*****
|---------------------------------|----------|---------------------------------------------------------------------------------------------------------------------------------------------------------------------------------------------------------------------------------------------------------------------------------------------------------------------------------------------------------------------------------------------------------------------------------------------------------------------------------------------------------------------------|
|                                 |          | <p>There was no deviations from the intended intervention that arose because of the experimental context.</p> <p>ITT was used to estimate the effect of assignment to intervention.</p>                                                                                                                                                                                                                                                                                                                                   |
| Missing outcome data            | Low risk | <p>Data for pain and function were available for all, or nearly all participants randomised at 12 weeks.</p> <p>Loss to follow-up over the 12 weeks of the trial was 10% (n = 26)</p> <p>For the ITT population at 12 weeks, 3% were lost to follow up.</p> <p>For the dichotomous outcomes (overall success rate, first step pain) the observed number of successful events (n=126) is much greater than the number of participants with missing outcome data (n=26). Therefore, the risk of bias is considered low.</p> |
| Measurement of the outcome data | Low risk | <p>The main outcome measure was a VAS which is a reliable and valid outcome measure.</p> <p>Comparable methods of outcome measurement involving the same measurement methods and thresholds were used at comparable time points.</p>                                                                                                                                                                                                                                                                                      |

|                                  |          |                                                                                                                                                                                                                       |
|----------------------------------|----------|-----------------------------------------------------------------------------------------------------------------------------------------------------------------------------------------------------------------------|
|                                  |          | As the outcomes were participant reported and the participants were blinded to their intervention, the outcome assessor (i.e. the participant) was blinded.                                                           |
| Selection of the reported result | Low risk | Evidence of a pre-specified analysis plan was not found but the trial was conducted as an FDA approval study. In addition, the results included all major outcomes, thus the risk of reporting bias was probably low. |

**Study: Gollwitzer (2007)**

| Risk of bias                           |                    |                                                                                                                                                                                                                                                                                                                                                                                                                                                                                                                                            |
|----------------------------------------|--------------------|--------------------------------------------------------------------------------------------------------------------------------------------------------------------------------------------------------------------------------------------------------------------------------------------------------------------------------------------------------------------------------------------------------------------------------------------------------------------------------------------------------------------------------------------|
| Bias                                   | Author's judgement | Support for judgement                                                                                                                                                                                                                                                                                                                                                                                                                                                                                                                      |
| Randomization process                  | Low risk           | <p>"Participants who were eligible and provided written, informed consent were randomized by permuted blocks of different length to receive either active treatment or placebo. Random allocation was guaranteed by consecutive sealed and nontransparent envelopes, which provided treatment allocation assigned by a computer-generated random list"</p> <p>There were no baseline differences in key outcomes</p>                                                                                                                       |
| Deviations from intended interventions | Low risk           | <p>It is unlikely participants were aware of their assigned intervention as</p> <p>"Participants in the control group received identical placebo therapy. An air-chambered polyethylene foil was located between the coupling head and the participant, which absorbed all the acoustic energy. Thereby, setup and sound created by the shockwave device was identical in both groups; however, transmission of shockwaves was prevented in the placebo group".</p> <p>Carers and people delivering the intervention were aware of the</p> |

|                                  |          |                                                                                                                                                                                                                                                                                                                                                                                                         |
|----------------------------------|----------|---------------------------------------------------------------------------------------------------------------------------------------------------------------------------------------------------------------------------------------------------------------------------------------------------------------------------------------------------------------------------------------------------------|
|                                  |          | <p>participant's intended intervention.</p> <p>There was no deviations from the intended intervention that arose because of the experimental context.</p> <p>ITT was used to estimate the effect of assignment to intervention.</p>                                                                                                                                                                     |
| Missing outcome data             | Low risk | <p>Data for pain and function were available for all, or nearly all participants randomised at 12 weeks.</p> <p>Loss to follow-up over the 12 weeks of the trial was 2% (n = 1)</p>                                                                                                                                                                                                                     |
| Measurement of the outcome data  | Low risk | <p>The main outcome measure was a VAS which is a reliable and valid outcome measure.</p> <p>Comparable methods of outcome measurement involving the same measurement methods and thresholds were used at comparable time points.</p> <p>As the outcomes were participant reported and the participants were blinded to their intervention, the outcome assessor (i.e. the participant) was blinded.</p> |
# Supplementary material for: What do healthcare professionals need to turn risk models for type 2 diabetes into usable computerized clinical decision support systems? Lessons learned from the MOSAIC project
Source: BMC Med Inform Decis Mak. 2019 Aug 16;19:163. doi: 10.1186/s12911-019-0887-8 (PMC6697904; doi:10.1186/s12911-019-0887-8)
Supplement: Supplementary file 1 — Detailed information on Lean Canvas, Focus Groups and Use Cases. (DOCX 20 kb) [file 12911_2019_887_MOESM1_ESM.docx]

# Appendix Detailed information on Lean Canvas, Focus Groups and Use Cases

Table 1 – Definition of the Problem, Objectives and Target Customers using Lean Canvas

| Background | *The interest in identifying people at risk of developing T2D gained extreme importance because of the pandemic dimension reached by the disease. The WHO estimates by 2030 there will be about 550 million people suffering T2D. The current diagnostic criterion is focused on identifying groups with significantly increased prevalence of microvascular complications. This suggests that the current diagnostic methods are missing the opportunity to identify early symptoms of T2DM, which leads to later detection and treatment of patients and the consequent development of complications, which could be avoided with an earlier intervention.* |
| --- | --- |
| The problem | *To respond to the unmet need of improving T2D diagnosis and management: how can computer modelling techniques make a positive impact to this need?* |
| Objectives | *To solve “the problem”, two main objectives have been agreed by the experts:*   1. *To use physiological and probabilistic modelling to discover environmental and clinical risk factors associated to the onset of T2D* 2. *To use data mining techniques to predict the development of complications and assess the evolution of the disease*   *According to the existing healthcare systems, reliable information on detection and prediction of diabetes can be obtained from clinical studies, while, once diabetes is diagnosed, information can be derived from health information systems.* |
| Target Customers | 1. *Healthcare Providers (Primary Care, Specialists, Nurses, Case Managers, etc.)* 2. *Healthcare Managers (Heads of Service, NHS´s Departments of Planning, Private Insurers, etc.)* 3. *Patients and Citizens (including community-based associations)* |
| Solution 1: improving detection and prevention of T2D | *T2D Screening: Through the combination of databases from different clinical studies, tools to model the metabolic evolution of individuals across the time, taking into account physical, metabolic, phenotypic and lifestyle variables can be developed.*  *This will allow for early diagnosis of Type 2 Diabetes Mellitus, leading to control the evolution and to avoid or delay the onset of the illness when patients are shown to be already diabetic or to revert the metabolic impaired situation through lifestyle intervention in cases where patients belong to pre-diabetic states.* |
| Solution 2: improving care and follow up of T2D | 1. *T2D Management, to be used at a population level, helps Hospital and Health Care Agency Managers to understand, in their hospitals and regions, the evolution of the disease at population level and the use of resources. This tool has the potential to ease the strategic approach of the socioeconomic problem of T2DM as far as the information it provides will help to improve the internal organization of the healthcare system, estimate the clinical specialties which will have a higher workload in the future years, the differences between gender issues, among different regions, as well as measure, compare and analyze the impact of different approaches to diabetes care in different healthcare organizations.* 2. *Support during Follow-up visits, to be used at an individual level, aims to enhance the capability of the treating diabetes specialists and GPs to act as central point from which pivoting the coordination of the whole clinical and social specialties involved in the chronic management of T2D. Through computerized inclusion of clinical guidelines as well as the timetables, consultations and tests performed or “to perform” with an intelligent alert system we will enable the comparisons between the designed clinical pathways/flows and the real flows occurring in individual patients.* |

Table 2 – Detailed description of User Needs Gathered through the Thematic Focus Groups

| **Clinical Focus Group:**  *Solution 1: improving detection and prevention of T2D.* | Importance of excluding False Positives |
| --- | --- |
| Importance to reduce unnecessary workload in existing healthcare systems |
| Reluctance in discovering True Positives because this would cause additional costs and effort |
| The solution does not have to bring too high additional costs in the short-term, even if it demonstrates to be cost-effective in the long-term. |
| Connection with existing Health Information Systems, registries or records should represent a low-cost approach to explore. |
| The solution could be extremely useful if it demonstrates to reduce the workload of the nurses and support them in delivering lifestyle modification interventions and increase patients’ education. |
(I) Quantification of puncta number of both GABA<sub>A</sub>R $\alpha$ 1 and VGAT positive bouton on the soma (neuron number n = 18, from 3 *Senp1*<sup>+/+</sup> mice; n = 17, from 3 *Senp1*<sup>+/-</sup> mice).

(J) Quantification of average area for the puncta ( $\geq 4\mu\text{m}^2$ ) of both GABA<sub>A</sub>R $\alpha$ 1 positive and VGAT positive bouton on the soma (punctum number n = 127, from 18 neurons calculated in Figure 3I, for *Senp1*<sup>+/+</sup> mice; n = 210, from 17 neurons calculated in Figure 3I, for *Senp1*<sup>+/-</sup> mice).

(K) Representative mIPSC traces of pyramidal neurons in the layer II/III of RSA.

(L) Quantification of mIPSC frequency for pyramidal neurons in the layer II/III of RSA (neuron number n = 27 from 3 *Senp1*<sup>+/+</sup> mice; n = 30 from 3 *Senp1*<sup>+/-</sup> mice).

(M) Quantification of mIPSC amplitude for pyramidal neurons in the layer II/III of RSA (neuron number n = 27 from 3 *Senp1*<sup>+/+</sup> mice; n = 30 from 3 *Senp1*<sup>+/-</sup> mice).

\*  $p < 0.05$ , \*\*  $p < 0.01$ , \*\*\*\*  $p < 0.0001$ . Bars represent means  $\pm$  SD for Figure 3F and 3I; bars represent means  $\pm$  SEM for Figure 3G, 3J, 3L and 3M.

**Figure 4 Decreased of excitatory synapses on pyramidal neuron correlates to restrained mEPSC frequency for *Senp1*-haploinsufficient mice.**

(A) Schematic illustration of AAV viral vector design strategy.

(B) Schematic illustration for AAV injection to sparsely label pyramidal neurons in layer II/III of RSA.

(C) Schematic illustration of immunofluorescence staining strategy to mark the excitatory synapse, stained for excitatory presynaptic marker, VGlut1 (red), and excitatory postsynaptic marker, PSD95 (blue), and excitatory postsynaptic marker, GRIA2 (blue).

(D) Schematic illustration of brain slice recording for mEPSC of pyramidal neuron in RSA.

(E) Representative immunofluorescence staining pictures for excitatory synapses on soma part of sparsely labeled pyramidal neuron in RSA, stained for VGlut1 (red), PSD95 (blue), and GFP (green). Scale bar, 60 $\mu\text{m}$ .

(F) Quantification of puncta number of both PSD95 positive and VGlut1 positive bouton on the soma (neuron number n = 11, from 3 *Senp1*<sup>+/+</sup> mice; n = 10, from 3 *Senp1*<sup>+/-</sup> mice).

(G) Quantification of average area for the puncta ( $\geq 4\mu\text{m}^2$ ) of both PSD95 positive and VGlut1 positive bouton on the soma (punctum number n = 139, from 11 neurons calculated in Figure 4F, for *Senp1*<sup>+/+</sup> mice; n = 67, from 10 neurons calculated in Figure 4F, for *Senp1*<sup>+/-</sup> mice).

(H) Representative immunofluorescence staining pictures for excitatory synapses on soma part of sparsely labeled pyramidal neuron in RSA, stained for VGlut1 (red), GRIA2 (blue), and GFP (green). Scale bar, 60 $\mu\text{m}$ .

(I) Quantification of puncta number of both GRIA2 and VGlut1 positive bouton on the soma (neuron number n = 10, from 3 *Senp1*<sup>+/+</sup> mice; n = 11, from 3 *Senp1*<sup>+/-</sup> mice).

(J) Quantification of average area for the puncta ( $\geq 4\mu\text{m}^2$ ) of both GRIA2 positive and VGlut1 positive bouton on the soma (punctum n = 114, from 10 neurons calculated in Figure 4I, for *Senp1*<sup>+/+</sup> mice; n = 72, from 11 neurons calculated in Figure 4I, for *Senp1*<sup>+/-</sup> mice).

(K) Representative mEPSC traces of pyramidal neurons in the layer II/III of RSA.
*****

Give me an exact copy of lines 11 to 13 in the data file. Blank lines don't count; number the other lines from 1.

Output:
|----------------------------------------|--------------------|--------------------------------------------------------------------------------------------------------------------------------------------------------------------------------------------------------------------------------------------------------------------------------------------------------------------------------------------------------------------------------------------------------------------------------------------------------------------------------------------------------------------------------------------|
| Bias                                   | Author's judgement | Support for judgement                                                                                                                                                                                                                                                                                                                                                                                                                                                                                                                      |
| Randomization process                  | Low risk           | <p>"Participants who were eligible and provided written, informed consent were randomized by permuted blocks of different length to receive either active treatment or placebo. Random allocation was guaranteed by consecutive sealed and nontransparent envelopes, which provided treatment allocation assigned by a computer-generated random list"</p> <p>There were no baseline differences in key outcomes</p>                                                                                                                       |